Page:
I’ve already posted a news item about Machete concerning the apparently controversial material of white oppression against illegals–or undocumented workers which is the politically correct terminology.
Being a fan of Robert Rodriguez work, I went to plop myself in a cushy red-colored chair after paying 9 bucks. My wife refused to go, as these kinds of movies tend to make her roll her eyes in boredom (I did get her to watch Planet Terror, the guy who kept collecting balls made her laugh). I was not disappointed with the outcome, but at the same time I was not overly impressed.
Machete is low brow pulp, a mock trailer made into a full length movie as a tribute to seventies grindhouse pictures. In some ways I missed the film effects of Planet Terror (which emulated deteriorating film) as I think it had more nostalgic appeal. The movie does stay faithful to the trailer though and I assume shots made for the mock trailer were not filmed again, but inserted in.
I don’t know if I need to go over the premise again in detail but here’s a quick summary: Federale has his wife killed by Mexican drug lord. Federale escapes across border and works as a day laborer. A man offers Machete, the ex-Mexican man of the law, 150,000 to kill a Texas senator running for re-election. Machete accepts but is double-crossed. Now he wants vengeance.
Reviewers and critics have made much of the political pokes in the film at xenophobia and fear of Mexicans in general. Some have even called the film racist because all the bad guys are white and all the good guys are Hispanic. This isn’t quite true as the Boss Villain in the end is Torrez played by Steven Seagal–who is supposed to be Mexican (I think, he speaks some Spanish at least). I, personally, do not see how you can take anything in this film as racist or overtly political. Rodriguez is basically doing a blaxploitation film for Mexicans and it is better to look at this film as a violent satire more than anything else. If you’re a white guy who thinks this film is racist–you need to learn to take a joke. You know how many films in the past have had Mexican villains with white heroes? …I don’t either, but I’m betting quite a few as the Mexican drug lord villain is a common stereotype.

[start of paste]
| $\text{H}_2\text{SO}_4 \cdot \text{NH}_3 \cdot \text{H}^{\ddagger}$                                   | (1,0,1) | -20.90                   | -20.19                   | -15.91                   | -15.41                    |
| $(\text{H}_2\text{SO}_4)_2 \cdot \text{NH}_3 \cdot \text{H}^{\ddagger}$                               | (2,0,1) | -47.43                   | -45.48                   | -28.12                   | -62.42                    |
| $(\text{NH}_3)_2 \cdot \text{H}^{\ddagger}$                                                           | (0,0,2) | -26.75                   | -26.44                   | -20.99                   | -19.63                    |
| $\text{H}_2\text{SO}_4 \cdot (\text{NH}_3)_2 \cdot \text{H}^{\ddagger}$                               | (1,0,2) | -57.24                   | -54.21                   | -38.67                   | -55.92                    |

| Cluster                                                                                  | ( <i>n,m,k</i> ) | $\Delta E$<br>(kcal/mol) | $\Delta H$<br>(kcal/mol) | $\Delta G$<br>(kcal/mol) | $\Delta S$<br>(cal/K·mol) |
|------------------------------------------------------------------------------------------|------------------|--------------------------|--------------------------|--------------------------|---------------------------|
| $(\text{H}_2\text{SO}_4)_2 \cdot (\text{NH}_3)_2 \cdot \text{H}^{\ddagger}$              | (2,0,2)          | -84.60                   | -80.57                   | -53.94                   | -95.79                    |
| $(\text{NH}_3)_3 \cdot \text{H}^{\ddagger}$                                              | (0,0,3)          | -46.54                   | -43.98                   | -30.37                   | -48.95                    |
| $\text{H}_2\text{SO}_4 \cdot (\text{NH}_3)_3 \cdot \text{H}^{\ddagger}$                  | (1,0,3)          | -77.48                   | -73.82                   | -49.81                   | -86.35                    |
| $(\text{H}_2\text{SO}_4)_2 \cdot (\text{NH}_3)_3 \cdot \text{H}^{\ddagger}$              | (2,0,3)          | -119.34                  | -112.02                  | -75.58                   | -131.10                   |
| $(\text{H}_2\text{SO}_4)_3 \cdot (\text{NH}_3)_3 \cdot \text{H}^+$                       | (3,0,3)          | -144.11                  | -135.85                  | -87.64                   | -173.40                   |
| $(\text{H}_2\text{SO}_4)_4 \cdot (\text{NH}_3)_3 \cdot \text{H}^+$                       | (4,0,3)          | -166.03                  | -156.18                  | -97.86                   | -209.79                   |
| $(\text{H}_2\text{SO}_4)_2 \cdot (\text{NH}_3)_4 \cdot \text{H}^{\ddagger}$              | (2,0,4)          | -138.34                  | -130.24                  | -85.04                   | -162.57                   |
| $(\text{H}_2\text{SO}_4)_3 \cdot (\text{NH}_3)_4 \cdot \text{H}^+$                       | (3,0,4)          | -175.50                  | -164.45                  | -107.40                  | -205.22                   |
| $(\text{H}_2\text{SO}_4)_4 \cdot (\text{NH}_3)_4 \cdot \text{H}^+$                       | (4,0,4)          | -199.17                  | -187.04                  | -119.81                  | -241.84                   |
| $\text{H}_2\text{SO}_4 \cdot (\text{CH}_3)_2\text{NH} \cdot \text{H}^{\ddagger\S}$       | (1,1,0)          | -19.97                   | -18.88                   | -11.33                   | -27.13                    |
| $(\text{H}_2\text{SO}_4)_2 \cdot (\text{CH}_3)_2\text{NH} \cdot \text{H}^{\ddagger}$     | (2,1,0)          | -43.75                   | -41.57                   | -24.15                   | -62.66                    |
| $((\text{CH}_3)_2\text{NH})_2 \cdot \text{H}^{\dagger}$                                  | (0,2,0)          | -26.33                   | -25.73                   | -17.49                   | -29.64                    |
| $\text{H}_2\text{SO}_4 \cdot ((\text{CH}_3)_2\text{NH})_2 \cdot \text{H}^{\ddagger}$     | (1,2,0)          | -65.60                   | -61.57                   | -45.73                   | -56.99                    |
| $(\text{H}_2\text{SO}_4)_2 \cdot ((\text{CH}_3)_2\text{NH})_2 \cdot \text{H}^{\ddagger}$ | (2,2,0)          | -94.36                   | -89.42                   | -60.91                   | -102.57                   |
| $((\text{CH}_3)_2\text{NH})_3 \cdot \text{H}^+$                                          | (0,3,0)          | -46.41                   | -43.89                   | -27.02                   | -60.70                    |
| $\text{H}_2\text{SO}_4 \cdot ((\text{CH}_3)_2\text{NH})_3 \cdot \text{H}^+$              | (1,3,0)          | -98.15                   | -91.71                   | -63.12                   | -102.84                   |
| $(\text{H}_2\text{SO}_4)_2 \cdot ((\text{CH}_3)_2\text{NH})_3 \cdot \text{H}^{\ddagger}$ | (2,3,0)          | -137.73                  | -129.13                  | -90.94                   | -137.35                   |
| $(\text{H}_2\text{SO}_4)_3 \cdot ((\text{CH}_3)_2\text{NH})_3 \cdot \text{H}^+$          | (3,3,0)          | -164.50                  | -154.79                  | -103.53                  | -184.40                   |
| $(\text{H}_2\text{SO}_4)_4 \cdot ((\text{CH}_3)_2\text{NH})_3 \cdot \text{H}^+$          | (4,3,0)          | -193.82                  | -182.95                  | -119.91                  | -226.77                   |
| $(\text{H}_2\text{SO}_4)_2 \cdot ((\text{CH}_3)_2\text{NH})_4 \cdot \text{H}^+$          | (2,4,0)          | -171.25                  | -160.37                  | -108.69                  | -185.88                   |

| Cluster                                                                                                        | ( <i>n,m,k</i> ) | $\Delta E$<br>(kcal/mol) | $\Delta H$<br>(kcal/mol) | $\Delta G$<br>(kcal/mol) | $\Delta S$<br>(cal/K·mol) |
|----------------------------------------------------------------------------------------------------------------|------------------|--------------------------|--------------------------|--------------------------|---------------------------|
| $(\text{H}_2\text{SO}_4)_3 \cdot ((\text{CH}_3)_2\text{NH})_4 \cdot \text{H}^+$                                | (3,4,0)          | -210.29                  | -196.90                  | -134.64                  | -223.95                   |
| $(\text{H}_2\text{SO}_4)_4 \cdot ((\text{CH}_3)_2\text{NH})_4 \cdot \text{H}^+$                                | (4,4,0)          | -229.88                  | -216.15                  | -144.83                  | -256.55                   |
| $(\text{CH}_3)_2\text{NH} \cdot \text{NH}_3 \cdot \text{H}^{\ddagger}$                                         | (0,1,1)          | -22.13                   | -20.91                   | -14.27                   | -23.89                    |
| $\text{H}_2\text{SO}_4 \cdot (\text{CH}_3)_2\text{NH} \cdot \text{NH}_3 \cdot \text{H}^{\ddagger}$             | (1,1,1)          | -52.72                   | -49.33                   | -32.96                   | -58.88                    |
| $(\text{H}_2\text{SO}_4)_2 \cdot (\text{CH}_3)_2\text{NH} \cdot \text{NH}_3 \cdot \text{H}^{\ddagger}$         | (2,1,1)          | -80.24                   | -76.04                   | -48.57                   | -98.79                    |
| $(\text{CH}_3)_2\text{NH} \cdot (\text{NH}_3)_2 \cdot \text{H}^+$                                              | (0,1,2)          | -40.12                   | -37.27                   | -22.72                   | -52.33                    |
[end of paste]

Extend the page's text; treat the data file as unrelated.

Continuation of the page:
As mentioned in my “News Bite,” I was interested to see Cheech Marin’s role played out as The Padre. Yes, Cheech Marin gets crucified. Whether this was some over-the-top metaphor by Rodriguez or if it was just the most gruesome way to do-in The Padre, I don’t know. I have to say, Cheech Marin nailed to a cross is morbidly funny though.
Another odd moment is Lindsay Lohan who becomes entranced by a nun’s habit. After shooting her father’s killer, she disperses the Mexican battlefield as if she came from heaven. As most Mexicans lean towards Catholicism, they all paid attention and stopped fighting. If anyone is making fun of themselves in this film, it is Lindsay. Even going so far as to be rescued from what looks to be a crackhouse by her Dad who is disappointed in her lack of ambition and self-exploitation.
The acting highlight of the film is Jeff Fahey. Incredibly watchable as a conniving Senator’s aid who only loves money. I would hope someone besides Rodriguez would see his potential, but both Tarantino and Rodriguez have had the clout to allow for once known actors to be put back into circulation–since Hollywood is so obsessed with the here-and-now young stars that we often don’t get to see the aged-to-perfection performances of guys like Fahey or Rutger Hauer (Sin City).
As for Danny Trejo, as Machete, who has been a character actor for quite some time, it was nice to see him in the title role. I would be surprised to see a sequel unless it is a straight-to-DVD release, but he looked like a guy who could take a beating and dish it out. Now we do have to chuckle at seeing Michelle Rodriguez straddling him and Jessica Alba getting sweet on him–he’s a grizzly looking bastard–but then this is a fantasy film. I think we would all like to think after a long, hard day of killing corrupt officials and their thug bodyguards that we would have Michelle or Jessica jump our bones (from a guy’s perspective that is).
Machete is recommended for fans of seventies exploitation films and drive-in theater. All others will probably not be amused. Unless you’re an abused “illegal” who wants to live vicariously through him–Machete does do some interesting landscaping work!